12/23/2012 11:06 am ET Updated Feb 22, 2013

Consider the Messenger

So the National Rifle Association's answer to our problem with gun violence is to get more guns. Did you expect the NRA to say something else?

I did, though I'm not sure why. The NRA is a massive lobbying organization that promotes gun ownership. Lobbyists are salesmen. They advocate for laws and policies that would benefit their group. And in this instance, the people who would benefit are gun makers and sellers.

One week after the horrific shooting at Sandy Hook Elementary School in Newtown, Conn., where a gunman killed 20 children and six adults, NRA executive vice president Wayne LaPierre called for all U.S. schools to have armed police officers on campus.

"The only thing that stops a bad guy with a gun is a good guy with a gun," he said. Then he called upon Congress to appropriate whatever funds are necessary to put officers and guns in every school and announced an NRA program to develop a model security plan that relies on armed volunteers.

Isn't that exactly what a gun salesman would say? More guns will make us safer. More guns will scare off the bad guys. More guns means more money in gun sellers' pockets. And what better way to ensure a new generation of gun owners than to put guns in our schools?

Perhaps I missed something. Isn't the proliferation of guns part of the problem? How, then, can it also be the solution?

My daughter is six years old, the same age as most of the victims at Sandy Hook. When she and I watch television together, she has trouble discerning the difference between commercials and news reports. Just the other day, she saw an advertisement for home pregnancy tests and panicked. "There's something wrong with being pregnant," she shouted. "Doctors just discovered that it's dangerous."

I assured her it was perfectly safe to be pregnant. Then I explained that commercials are a company's way of trying to sell you something that you don't necessarily need.
"Oh," she said. "The people on TV make it sound like they're talking about something they really mean."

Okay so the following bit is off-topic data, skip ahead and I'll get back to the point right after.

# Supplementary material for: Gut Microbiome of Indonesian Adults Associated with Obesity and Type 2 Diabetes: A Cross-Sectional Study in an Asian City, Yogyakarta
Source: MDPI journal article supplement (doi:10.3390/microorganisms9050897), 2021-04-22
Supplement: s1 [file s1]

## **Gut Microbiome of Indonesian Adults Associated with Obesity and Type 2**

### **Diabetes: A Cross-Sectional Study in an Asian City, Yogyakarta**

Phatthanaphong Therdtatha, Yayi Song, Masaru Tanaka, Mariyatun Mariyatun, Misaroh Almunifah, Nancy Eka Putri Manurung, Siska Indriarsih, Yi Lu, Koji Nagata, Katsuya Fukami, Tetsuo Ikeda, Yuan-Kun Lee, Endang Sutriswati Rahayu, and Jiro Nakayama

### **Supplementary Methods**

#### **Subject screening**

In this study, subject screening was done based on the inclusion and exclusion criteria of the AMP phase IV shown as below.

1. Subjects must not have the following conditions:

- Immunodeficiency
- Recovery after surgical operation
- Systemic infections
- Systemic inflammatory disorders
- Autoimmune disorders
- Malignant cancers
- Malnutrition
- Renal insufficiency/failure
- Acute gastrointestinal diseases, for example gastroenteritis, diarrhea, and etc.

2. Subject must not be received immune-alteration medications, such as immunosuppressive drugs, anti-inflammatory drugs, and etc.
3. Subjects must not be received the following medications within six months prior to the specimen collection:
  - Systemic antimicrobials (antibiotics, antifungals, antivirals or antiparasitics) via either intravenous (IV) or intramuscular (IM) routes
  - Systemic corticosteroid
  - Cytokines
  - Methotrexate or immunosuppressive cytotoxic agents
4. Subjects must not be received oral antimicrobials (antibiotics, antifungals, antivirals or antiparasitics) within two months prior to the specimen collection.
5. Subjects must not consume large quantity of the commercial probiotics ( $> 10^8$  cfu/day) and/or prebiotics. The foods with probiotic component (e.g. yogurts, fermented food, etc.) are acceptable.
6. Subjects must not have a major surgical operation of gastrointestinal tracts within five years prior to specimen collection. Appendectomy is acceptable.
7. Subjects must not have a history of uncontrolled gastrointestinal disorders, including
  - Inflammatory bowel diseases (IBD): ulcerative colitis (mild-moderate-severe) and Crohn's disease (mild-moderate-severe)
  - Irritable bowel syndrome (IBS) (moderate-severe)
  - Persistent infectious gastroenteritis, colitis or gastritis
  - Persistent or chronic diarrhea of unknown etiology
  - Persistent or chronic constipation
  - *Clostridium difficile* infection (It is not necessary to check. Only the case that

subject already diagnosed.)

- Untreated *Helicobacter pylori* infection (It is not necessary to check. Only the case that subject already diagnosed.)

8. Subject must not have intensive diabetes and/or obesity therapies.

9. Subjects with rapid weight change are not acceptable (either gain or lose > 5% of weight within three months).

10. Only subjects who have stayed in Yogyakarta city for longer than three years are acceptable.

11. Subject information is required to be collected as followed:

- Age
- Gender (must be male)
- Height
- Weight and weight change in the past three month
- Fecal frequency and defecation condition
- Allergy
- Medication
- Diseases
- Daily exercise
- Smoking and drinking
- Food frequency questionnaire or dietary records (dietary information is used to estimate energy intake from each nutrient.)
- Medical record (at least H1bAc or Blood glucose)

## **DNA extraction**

They sure do.

So what is the NRA selling? Besides guns, they're selling fear. They are capitalizing on the anxiety we all feel in the wake of the Newtown tragedy and insinuating that our children cannot be safe in school unless we put armed guards at the front gates.

Every parent in America is scared right now, including me. I drop my daughter off at school and go home to watch the news. I listen for sirens and scan the sky for helicopters circling our neighborhood. I count the hours and minutes until it's time to pick her up.

I'm scared of another mass shooting, just like everyone else. But I'm more afraid of what a knee-jerk police state would do to our children, of how they would be affected in the long run by the constant sight of armed guards outside their classrooms. I love my child as much as the next person loves theirs, but I don't want my daughter to live in the shadow of a handgun. I don't want her to grow up thinking she's only safe if someone, somewhere, has a weapon.

The NRA's solution to curb gun violence comes without any data to support the notion that armed guards would make our schools safer. In 1999, two armed officers stood watch at Columbine High School, where shooters still managed to kill 15 people. In 2007, 32 people died in a massacre at Virginia Tech, despite the campus having its own police force. It was, and remains, the deadliest school shooting in our history.

Studies actually show that putting guards and cameras in schools makes students feel less secure. Yet, guns and bulletproof backpacks are flying off store shelves. Yes, bulletproof backpacks. I didn't know such a thing existed until this week.

I'm not sure why, but I expected more from the NRA on Friday. I anticipated a more conciliatory attitude, a more constructive tone. I thought maybe, finally, the NRA would consider reasonable measures to limit the number and type of guns that find their way into the hands of dangerous people. I thought I might see the first step toward compromise. Instead, I saw a defiant and defensive spokesperson peddling fear and passing the buck in the name of the gun retailers he represents.

After all, that's what LaPierre gets paid to do. The NRA may technically be a nonprofit organization, but its pitchman earns nearly $1 million a year by making speeches and lobbying politicians.

No matter where you fall on the spectrum of gun control, consider the source of Friday's announcement. The NRA's mission is not to protect our schools. It is not to strengthen our communities or make the world a safer place. Its concern is selling more guns.

LaPierre's announcement wasn't a press conference. It wasn't news. It was a commercial.

And I, for one, am not buying what he's selling.